By the time you read this, a great mass moving will be under way.
A red sea will spill out onto the streets of Chicago, with crashing waves chanting: “Who’s future? Our future!” Within eighteen hours of my writing this, the Chicago Teachers Union (CTU) and the Service Employees International Union Local 73 (SEIU) – made up of Chicago public park workers and school support staff will strike for a better contract and a better future for the kids of Chicago Public Schools.
This marks one of the most well mobilized teacher strikes since the Red for Ed wave last year. But why is it happening under the watch of Lori Lightfoot, a mayor framed to be off the beaten path of corruption and elitist protection? And why are they requesting affordable housing regulations in Chicago as part of their contract? Let’s first jump back all the way to 2012 for better context.
Chicago knows the gravity of a teachers’ strike well. When Rahm Emanuel first took office, he moved to rescind a 4% raise for teachers while increasing the length of the work day after promising to do much the opposite. In a similar show of force, the CTU took to the streets and attempted to muscle their rights and the rights of the children they teach back onto the bargaining table.
Sadly, the strike bore little fruit for their tangible demands, but the CTU made great waves against the reliability and image of Emanuel. Later in his career, his Board of Education moved to close 50 schools – 49 elementaries and 1 high school – and thus enacted the largest school closure in Chicago history. Aside from leaving burdensome language in the contract negotiated with Emanuel, he had also left a bad taste in the mouth of teachers across the city.
Enter Lori Lightfoot, mayoral hopeful vying to seize the mantle of a more progressive platform, one that would surprisingly ease the struggles of public school teachers. She ran on a position of increased democracy in the school board, allowing for a fully elected board, and a major facelift for Chicago’s communities by revitalizing the most poorly supported schools.
However, once elected, she went back on those promises with a certain ease that had many feeling deja vu.
Before I proceed, it should be noted that Lightfoot is not an exact parallel to Emmanuel. Lightfoot isn’t offering nothing to the CTU, but the purse strings have certainly been drawn tight against their requests – though nothing is in writing so far.
She has put forward a bargain of $300 million to increase teachers’ wages by 14% over five years, but the buck stops there. She has fought tooth and nail to not budge on union requests for more bilingual and special education support, the presence of nurses and librarians in every school, smaller classes, more school counselors and even more social supports. The most major rub for Lightfoot? Affordable housing regulations. But why ask for something seemingly irrelevant to both the union and the schools?
It’s no secret the many neighborhoods in Chicago are in the clutches of extreme gentrification and a largely unacceptable cost of living. As lower income residents are priced out of their homes and pushed out of the city, the rate of homelessness and insecure residency skyrockets.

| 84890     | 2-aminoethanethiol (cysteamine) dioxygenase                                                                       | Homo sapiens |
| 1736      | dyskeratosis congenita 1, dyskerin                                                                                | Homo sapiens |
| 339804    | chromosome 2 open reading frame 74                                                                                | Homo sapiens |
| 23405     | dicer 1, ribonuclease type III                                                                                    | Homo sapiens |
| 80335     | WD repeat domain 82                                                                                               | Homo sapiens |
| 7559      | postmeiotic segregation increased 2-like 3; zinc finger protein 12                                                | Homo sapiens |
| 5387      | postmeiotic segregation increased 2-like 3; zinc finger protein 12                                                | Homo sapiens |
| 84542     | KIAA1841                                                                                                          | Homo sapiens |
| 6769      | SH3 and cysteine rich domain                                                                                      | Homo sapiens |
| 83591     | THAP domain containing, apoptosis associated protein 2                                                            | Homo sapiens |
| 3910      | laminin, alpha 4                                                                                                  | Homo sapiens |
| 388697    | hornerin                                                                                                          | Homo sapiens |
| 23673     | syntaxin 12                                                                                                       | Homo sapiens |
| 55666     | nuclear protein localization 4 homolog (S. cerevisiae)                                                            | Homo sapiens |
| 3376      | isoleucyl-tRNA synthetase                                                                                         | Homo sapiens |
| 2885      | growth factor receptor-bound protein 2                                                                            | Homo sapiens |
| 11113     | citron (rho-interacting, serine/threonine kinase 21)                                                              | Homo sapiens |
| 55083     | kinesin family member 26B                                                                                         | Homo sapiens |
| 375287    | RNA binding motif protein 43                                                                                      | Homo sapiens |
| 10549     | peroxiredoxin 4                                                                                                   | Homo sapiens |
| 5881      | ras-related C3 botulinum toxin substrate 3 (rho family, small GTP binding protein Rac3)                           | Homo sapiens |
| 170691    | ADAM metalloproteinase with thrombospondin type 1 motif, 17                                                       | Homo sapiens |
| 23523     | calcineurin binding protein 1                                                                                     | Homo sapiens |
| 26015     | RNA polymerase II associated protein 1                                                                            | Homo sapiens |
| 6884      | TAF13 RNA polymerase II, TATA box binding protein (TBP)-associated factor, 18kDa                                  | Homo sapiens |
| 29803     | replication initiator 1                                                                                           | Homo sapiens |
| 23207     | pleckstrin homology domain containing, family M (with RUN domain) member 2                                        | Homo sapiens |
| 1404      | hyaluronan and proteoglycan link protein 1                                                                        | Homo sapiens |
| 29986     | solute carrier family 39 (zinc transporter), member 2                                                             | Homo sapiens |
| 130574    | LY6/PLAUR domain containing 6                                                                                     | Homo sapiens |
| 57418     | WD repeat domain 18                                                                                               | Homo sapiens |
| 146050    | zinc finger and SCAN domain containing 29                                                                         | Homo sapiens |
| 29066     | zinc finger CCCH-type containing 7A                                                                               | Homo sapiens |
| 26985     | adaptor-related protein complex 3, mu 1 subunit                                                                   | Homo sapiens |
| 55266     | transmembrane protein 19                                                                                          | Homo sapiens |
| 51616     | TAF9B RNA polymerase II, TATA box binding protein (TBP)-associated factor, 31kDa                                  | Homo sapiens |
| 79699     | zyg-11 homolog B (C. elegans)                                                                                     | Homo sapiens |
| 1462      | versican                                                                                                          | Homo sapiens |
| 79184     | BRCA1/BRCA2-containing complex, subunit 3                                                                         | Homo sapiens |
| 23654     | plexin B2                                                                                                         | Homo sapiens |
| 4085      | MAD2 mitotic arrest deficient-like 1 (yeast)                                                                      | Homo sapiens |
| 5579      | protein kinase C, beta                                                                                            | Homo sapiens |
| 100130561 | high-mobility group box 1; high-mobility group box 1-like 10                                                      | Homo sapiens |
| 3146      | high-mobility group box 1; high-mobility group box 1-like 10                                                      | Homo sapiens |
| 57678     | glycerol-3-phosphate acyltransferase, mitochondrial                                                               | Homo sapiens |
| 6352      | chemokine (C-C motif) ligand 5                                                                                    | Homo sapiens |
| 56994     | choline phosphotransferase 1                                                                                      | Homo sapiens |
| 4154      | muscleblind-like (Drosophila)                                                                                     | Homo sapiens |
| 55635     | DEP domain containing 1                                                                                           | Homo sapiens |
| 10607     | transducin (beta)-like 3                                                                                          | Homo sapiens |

This has led to there being a population of about 9,000 housing insecure children in the city of Chicago. For any child it’s horrifically difficult to balance going to school with trying to survive. This is reflected in the extreme drop in enrollment in Chicago, especially after the closing of the 50 schools prior.
To amend this, the CTU is demanding that the city commit to creating sustainable housing, provide housing subsidies for staff and provide actual support for students in temporary living situations. Whether or not students can afford to even go to school lies at the heart of the issue here – if there are no students, there’s no education system to account for.
The CTU and the SEIU are right to fight for this basic, fundamental step for Chicago’s education system. And if Lightfoot plans to champion strong social uplift, this is paramount to that goal. Additionally, as she begins to push back against the invasion of Immigration and Customs Enforcement officers (ICE) in the city and in their schools, she should back their demand as well to make CPS schools Sanctuary schools. These requests are not only feasible, they are absolutely fundamental.
All across the country, this has been a momentous time for labor generally and teachers in particular. So this weekend, please consider the hard work that our teachers do and the little thanks they get from our government. Please consider where you would be without them. Please consider supporting history right outside our doors when they walk out and while they’re on strike by donating to their drive for food insecure students here http://bit.ly/32nbqD5 or by joining their picket lines over the next couple of days. And consider the words of CTU President Jesse Sharkey with great care:
“So let me speak clearly in words of one syllable: we will stand for what’s right in our schools. We will lead. If you cut me I bleed CTU red. And if it takes a strike, so be it. We stand for our kids. I’ll see you out there.”